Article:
Visiting Clyde (not his real name), a farmer friend, one summer day a few years ago, I came upon him sprinkling some white powder along a row in preparation for planting. In response to my wondering what he was doing, he said he was spreading limestone. I was surprised.
In much of the eastern part of the U.S., unless you grow only native plants, or a rather narrow spectrum of exotic plants, you probably do have to do something to make the soil less acidic. And remember, tomato, apple, peach, marigold, rose, and many other plants in our gardens are exotics. Not only are many soils in the East naturally too acidic for most of what we grow in our gardens and farms, but soils here always are becoming more so.
Acid rain is one reason for this, but even before acid rain, the abundant rain that falls in this part of the country has been leaching soils and making them more acidic since time immemorial. As a general rule, areas where rainfall — not necessarily acid rain — exceeds about 30 inches per year, enough base-forming ions such as those of calcium, magnesium, and potassium get leached down and out of the ground to make soils more acidic.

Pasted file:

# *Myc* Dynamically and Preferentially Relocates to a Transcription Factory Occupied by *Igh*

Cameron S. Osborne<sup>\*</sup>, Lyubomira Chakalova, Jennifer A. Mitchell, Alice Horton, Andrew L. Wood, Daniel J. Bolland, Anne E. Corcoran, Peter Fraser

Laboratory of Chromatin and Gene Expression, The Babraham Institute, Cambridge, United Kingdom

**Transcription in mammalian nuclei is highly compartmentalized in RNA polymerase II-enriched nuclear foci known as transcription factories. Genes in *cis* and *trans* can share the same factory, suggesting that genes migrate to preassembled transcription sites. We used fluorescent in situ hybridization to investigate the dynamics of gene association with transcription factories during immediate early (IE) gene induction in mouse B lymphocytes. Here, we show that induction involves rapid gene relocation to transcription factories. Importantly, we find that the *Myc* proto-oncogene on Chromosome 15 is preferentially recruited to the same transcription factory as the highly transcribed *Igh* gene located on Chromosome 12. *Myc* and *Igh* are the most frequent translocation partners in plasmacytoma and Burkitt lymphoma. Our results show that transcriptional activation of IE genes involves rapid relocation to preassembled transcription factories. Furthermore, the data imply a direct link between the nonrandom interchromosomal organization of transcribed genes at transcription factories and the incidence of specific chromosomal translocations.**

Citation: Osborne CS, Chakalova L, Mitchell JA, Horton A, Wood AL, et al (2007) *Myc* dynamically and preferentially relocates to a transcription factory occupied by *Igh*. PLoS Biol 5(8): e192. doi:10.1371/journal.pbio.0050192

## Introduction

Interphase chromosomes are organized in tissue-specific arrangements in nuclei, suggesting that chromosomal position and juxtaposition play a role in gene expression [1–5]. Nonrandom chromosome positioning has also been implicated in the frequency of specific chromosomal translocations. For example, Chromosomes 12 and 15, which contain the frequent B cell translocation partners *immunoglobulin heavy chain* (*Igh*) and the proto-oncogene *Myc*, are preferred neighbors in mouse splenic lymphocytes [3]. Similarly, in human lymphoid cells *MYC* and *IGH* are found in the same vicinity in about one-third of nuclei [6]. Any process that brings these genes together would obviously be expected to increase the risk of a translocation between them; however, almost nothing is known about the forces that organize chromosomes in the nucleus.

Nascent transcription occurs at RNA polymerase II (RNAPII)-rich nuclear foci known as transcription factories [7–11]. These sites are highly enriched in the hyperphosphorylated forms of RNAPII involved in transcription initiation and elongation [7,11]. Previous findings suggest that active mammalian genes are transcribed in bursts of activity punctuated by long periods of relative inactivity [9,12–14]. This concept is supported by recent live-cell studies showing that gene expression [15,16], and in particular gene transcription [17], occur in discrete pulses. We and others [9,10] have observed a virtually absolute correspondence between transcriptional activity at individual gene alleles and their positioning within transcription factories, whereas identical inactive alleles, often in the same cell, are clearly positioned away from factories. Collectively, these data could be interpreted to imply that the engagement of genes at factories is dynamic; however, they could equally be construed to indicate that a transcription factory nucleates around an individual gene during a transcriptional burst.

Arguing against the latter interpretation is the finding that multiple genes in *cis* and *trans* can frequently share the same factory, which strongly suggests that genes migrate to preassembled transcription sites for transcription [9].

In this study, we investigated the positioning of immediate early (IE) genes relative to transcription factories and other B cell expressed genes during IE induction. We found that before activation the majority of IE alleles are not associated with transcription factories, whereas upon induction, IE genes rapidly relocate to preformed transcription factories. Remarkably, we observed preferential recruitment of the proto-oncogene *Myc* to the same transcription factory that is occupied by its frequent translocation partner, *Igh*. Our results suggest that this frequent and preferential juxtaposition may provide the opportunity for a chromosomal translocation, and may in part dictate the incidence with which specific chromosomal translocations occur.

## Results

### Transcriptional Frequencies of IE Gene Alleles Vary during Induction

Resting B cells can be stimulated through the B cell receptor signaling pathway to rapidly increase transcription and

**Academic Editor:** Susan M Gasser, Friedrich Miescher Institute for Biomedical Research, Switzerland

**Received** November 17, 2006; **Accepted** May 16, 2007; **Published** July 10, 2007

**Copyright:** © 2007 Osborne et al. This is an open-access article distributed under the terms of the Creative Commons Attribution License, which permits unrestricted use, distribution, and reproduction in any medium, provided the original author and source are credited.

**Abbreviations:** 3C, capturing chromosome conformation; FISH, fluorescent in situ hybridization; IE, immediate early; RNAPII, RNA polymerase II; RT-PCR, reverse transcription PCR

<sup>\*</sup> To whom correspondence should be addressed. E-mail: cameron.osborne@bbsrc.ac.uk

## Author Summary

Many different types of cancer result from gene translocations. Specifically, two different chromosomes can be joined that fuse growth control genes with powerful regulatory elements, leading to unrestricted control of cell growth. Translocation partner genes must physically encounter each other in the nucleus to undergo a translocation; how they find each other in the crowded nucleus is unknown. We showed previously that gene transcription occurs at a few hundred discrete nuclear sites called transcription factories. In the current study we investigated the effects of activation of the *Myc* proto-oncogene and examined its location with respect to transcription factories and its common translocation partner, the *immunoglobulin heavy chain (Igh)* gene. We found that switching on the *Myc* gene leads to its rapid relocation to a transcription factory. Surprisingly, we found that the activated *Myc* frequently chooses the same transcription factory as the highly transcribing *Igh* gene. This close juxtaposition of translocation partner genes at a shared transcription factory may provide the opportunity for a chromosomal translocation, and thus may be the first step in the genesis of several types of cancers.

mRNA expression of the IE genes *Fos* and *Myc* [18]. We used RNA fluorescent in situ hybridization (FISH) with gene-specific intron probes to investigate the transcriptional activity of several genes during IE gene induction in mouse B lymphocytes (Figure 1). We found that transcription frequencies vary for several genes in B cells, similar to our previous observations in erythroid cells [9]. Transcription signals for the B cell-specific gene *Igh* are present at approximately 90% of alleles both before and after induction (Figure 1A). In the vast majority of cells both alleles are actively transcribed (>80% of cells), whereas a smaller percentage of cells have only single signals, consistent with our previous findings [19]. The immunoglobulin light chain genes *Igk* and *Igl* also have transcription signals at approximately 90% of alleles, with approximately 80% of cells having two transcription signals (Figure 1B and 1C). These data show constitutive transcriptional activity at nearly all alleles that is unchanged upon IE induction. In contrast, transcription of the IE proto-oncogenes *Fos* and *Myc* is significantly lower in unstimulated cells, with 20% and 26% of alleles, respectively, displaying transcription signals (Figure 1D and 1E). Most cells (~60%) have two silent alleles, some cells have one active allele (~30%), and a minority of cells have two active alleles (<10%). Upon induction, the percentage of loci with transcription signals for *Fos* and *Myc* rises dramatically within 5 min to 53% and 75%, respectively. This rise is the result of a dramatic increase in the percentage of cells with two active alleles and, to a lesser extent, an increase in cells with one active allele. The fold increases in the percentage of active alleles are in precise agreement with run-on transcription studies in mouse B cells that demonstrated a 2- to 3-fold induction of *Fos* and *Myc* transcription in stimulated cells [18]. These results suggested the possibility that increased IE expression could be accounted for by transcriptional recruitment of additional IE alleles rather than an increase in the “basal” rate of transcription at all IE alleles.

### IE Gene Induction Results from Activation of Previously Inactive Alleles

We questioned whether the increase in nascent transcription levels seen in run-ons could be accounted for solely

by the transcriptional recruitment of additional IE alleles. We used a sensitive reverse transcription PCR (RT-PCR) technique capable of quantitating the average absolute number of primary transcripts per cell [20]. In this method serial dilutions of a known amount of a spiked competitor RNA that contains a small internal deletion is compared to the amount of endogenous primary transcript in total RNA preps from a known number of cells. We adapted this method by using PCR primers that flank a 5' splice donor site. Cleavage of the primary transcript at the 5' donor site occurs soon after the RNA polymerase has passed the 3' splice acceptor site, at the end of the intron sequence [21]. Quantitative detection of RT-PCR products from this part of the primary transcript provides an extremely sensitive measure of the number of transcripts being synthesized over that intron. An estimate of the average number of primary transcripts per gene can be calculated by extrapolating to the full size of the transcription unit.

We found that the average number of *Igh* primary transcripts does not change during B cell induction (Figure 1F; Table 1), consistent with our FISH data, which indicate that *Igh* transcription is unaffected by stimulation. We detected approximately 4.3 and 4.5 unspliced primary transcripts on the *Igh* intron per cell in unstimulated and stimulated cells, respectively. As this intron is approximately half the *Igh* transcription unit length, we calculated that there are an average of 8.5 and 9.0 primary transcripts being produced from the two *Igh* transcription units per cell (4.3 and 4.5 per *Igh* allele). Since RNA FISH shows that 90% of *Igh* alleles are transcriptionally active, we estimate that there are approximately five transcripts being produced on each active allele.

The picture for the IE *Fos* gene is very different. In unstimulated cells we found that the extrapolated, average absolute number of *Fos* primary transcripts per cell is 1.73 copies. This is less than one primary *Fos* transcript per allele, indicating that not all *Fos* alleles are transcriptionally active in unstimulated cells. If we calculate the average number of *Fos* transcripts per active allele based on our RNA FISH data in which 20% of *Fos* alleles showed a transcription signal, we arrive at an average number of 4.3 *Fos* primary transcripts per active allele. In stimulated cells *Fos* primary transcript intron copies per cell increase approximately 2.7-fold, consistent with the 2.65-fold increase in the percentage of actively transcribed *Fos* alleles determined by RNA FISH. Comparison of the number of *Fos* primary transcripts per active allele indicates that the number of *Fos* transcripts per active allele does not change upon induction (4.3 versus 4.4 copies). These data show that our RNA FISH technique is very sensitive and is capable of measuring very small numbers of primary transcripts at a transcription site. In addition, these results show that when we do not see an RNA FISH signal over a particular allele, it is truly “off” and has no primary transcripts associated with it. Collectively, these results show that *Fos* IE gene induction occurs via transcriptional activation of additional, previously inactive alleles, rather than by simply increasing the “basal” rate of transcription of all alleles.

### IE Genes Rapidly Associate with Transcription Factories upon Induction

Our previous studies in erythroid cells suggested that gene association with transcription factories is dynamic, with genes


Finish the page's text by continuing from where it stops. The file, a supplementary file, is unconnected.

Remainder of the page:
But that’s not all. Calcium, magnesium, and potassium are plant nutrients, so harvesting crops takes them off site, increasing soil acidity. Some fertilizers, such as those that contain nitrogen in the form of ammonium, also make soils more acidic.